“His presence was immediate,” Politico journalist Tim Alberta said of Cameron. “His innate abilities as an orator were evident from the jump. Political phenoms don’t come around often— but you know them when you see them.” 

We’ll see more of Mr. Cameron.


Otherwise, this affair (thus far) has been a mixed bag.

After an initial list of speakers that disappointed, especially populists and nationalists ever curious about President Trump, night one surprised. Herschel Walker, the former Washington Generals player, spoke with genuine affection for his old friend, the president. It was needed light shed on a figure frequently cast as sociopathically self-interested, and bigoted, to boot (Walker is black). Another black voice for Trump — Georgia state politician Vernon Davis — genuinely nailed it. Crossover pols in state politics are frequently eccentrics unprepared for primetime, but Senator Davis was no such thing. Earned or not, he spoke with optimism about the country and this president that was the opposite of the last, famous Georgia convert to Republican presidents. Also in 2004, Zell Miller gave a menacing address befitting the administration he advocated for.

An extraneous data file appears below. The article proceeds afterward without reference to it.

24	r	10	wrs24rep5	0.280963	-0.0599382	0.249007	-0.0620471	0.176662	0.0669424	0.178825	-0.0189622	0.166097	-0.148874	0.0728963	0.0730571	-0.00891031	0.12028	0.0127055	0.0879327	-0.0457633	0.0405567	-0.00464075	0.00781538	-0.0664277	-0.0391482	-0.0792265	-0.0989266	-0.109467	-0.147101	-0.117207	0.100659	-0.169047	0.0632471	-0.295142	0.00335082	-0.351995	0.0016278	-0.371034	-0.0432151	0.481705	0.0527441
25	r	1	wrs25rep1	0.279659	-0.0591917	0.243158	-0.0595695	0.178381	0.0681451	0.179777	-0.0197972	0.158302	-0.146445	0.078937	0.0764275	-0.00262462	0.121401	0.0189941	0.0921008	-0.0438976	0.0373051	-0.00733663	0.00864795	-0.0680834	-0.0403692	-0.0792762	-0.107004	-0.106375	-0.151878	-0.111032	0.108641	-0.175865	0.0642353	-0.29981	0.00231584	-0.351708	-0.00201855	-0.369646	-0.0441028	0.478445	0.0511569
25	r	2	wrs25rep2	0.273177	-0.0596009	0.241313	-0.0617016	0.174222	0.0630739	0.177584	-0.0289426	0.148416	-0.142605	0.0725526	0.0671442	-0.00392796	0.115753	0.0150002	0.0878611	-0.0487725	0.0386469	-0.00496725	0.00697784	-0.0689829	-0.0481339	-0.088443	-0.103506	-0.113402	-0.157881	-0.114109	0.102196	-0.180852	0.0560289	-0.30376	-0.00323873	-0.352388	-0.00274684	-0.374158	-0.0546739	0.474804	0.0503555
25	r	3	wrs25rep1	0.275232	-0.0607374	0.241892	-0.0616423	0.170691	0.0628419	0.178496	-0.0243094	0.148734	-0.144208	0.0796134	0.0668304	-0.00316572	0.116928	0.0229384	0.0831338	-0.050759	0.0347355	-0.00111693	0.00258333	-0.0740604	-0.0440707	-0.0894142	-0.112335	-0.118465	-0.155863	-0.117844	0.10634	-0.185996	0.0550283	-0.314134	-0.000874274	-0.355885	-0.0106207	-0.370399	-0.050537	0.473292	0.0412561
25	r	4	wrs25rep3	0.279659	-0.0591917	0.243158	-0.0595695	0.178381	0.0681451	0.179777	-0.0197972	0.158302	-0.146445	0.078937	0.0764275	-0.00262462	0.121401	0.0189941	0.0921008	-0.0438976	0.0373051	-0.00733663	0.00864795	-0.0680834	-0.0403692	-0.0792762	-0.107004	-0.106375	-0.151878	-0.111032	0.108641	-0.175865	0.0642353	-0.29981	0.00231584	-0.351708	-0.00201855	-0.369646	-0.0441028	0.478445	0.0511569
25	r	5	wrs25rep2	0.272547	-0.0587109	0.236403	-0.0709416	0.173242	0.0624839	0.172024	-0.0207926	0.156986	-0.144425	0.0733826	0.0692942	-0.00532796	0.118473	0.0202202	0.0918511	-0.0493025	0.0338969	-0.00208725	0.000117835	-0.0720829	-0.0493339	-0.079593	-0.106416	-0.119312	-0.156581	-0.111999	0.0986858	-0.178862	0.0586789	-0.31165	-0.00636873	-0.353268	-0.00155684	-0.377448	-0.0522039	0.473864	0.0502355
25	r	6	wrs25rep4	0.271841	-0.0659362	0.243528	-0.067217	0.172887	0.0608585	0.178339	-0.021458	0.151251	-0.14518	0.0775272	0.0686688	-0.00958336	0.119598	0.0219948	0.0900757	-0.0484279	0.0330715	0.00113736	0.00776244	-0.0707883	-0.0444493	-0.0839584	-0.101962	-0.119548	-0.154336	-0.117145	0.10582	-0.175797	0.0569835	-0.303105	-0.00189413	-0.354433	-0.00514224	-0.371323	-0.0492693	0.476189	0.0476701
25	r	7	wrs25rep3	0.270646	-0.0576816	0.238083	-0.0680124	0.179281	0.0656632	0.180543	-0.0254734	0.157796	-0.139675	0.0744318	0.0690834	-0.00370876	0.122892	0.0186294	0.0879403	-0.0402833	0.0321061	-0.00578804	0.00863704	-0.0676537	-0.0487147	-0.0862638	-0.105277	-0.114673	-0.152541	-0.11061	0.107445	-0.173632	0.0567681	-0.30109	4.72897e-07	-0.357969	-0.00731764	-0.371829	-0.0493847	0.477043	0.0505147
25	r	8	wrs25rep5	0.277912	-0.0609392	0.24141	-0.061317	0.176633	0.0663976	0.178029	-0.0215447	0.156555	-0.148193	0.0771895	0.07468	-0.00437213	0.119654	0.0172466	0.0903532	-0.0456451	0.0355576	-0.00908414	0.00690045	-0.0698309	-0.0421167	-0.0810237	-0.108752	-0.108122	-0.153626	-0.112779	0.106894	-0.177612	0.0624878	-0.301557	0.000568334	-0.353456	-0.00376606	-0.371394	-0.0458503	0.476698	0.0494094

But on night two, the convention showed many of the flaws of this administration. Despite all the pedigree and canny in the world, Secretary of State Pompeo gave a mailed-in address from Israel, playing into caricatures of this White House as norm-ruining and reckless. I’ve seen him do much better, but Pompeo, at times, gave a child’s simplifications of foreign policy- the Iranian government is bad, we know. He reminded the country he won’t be president. 

Tiffany Trump, the (apparently, groundlessly) much-mocked first daughter gave nice insight into her father; she is the only child of the president’s most anonymous marriage, his second. But the lengthy inclusion of Eric Trump (just announced as a subject of a fraud investigation in New York on Tuesday), on top of an overlong address from the First Lady at the White House, added on to an unhinged speech from Donald Trump Jr.’s partner, Kimberly Guilfoyle, the previous night and also Trump, Jr. himself, left the viewer with the impression that there is just too much of this guy’s family on display, at least in a talented country of 330 million people. At times, it can have a Holy Roman Emperor feel. So, neither holy, nor Roman, nor a real empire. 

Onto night three.

about the author

Curt Mills is Senior Reporter at TAC covering national security, the 2020 campaign and the Trump presidency. Previously, he reported for The National Interest, Washington Examiner, U.S. News & World Report and the Spectator. Mills was a 2018-2019 Robert Novak Journalism Fellow and is a native and resident of Washington, D.C.